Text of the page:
Porter’s Preface: Fish & Partners

April 7th, 2009 by Sharon Larsen

Today we begin Chapter 7: Fish & Partners.  We open with Ron’s intro to the chapter.

 

 

I love to eat fish. One time, my family and I caught a bunch of fish. When we arrived home, it was late and we were really tired. In fact, I was so eager to jump in the shower that I left the fish in the trunk of the car. The next morning, when I climbed into the car to go to work, it smelled terrible! It took several days and a lot of air freshener to get the stench out. Obviously, we didn’t eat the fish, and we didn’t go fishing again for several years.

 

We’ve all heard the saying, “Fish and company both stink after a week.” Rich and I would like to extend this advice to business partners as well. I’m familiar with a business that illustrates this issue.

 

It started in a garage. The two guys enjoyed working together. Their business became profitable and they leased a warehouse. They obtained some assets. More money came in, and they found themselves “living the high life.” Then, without warning, the market conditions changed, and they found they were treading water.

 

That’s when it came to light that one partner had set aside resources for a rainy day. The other had not been so responsible. He had accrued a high level of personal debt. Understandably, he did not want to downsize.

 

All of a sudden, contention arose. There were questions about what belonged to whom. The debt-ridden partner got a day job in the construction industry to make ends meet, but his heart was still set on the entrepreneurial upside. To his chagrin, his partner moved on to something new and let their venture stall. Fingers were pointed and the friendship was strained. The bootstrap garage utopia was lost because these partners’ ultimate goals were misaligned.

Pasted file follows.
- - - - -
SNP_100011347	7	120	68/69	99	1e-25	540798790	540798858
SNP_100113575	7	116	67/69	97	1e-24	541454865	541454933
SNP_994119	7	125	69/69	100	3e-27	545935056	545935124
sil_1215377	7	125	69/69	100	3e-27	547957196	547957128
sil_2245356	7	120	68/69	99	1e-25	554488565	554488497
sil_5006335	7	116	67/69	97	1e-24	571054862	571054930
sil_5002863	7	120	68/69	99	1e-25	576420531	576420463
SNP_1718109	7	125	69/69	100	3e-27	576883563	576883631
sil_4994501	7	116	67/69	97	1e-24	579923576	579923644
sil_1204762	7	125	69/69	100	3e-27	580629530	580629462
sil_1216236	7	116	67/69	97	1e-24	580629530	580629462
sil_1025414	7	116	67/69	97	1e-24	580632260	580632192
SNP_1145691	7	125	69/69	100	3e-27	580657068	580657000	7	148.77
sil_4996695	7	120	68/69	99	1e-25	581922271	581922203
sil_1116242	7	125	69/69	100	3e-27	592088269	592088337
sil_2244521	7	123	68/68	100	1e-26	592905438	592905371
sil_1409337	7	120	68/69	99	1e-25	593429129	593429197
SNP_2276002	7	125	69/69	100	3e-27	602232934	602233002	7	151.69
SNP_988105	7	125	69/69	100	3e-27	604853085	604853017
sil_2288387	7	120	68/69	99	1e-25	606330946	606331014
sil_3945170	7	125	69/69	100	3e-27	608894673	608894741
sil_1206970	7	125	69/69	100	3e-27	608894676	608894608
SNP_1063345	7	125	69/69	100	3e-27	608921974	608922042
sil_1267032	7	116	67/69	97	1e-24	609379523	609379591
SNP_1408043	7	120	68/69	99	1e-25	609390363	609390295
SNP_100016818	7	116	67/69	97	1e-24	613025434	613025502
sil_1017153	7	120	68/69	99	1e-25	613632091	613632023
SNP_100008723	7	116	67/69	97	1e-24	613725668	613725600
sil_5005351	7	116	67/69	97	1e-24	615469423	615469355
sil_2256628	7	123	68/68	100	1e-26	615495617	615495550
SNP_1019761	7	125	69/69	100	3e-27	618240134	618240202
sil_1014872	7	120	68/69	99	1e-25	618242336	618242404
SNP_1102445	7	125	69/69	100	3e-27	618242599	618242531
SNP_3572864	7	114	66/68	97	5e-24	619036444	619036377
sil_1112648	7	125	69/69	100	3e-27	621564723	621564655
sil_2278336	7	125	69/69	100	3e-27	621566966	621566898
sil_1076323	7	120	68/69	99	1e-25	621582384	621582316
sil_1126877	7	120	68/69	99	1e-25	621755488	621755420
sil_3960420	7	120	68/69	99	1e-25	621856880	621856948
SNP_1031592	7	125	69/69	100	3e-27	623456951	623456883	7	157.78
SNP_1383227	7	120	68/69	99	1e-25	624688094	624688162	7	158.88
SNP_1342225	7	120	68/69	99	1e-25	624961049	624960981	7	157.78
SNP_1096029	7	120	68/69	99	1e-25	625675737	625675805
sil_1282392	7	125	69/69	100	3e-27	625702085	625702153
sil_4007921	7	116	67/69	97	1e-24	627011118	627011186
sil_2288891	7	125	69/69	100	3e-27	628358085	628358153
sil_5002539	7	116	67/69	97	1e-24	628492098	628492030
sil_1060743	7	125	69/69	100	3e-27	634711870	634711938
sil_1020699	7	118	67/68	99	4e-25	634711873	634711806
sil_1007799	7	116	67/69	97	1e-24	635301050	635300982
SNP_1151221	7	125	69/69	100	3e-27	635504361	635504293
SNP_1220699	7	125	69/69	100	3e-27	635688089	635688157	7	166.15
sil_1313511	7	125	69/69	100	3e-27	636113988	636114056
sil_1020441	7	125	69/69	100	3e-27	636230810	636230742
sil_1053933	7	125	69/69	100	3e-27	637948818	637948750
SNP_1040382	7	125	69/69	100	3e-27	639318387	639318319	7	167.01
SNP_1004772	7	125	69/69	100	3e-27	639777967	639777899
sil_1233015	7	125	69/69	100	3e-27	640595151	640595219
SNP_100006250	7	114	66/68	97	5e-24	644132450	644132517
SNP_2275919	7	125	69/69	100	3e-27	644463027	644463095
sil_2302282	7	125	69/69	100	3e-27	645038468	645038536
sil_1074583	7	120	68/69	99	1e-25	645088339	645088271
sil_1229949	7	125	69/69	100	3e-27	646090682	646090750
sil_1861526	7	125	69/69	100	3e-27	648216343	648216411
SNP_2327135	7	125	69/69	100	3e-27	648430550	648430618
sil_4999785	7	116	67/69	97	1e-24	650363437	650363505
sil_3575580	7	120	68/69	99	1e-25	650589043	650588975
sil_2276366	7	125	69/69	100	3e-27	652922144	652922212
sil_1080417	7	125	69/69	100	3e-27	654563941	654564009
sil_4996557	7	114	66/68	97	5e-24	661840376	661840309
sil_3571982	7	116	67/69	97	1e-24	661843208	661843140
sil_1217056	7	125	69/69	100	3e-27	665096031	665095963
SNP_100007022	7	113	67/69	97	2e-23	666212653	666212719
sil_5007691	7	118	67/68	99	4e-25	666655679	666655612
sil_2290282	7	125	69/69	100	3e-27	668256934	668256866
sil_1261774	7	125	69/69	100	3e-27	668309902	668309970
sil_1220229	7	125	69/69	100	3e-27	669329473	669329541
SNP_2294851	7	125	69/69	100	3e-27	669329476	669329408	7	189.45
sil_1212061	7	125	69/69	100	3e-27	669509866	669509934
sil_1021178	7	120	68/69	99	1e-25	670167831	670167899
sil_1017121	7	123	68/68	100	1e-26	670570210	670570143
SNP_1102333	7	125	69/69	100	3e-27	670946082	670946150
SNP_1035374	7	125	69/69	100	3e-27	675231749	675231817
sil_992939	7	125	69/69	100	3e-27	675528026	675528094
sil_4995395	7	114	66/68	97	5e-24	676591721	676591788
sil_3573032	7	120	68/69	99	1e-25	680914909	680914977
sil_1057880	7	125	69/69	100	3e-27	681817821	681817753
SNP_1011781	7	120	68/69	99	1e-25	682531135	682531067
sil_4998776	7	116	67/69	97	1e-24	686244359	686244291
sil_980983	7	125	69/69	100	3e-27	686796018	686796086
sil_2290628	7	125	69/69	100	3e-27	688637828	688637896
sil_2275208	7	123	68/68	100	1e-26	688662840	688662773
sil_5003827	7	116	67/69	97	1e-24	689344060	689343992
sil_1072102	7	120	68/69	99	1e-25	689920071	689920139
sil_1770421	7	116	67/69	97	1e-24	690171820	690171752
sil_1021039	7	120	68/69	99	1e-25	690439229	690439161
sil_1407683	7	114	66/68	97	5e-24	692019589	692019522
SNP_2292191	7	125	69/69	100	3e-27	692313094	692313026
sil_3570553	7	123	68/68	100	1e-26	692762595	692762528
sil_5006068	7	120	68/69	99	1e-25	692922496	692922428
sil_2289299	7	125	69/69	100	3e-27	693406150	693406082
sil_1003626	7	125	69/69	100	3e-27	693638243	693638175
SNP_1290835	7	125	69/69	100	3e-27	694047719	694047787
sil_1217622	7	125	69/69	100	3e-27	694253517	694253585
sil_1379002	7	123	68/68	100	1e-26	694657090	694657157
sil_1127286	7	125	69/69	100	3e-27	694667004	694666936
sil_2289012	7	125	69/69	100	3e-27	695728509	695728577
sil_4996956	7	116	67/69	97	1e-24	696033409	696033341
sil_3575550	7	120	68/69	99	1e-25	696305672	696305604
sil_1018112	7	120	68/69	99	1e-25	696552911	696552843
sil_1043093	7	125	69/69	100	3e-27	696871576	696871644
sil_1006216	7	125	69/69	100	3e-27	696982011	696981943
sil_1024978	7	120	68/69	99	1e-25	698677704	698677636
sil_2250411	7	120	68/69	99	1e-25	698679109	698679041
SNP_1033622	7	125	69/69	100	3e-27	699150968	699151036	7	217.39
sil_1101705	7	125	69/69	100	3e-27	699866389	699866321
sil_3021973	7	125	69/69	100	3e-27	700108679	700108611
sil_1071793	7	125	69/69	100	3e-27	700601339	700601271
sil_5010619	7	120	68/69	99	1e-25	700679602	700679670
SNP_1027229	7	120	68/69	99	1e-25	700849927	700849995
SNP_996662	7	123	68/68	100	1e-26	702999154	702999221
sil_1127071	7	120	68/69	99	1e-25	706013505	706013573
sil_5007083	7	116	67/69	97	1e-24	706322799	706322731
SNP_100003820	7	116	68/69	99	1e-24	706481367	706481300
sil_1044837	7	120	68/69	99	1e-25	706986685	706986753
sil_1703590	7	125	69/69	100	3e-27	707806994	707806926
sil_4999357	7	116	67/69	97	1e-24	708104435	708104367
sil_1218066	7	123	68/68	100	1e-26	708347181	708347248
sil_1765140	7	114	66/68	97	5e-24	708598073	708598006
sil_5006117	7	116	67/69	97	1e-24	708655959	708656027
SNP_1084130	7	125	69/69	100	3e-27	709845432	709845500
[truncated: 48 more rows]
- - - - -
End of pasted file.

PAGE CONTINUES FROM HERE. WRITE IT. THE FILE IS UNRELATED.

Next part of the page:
Obviously, not all fish stink; when attended to, fish can be delicious. I recently had some fresh salmon from Alaska. It makes my mouth water just thinking about it. Just as fish can be delicious, business partnerships can have a very important and useful place in starting and maintaining a business. But it is important to note that if you are going to bootstrap a business, all the partners must really be willing and able to pull themselves up by their bootstraps. If one partner is using the income from the business as his rice bowl and the other is just placing a bet on the business, then goals are misaligned and trouble is sure to follow.

 

This chapter is designed to preserve your partnership and prevent it from stinking up your venture and your valued relationships.

 

 

We’ll start the chapter next time where any good partnership starts: with setting expectations. 

 

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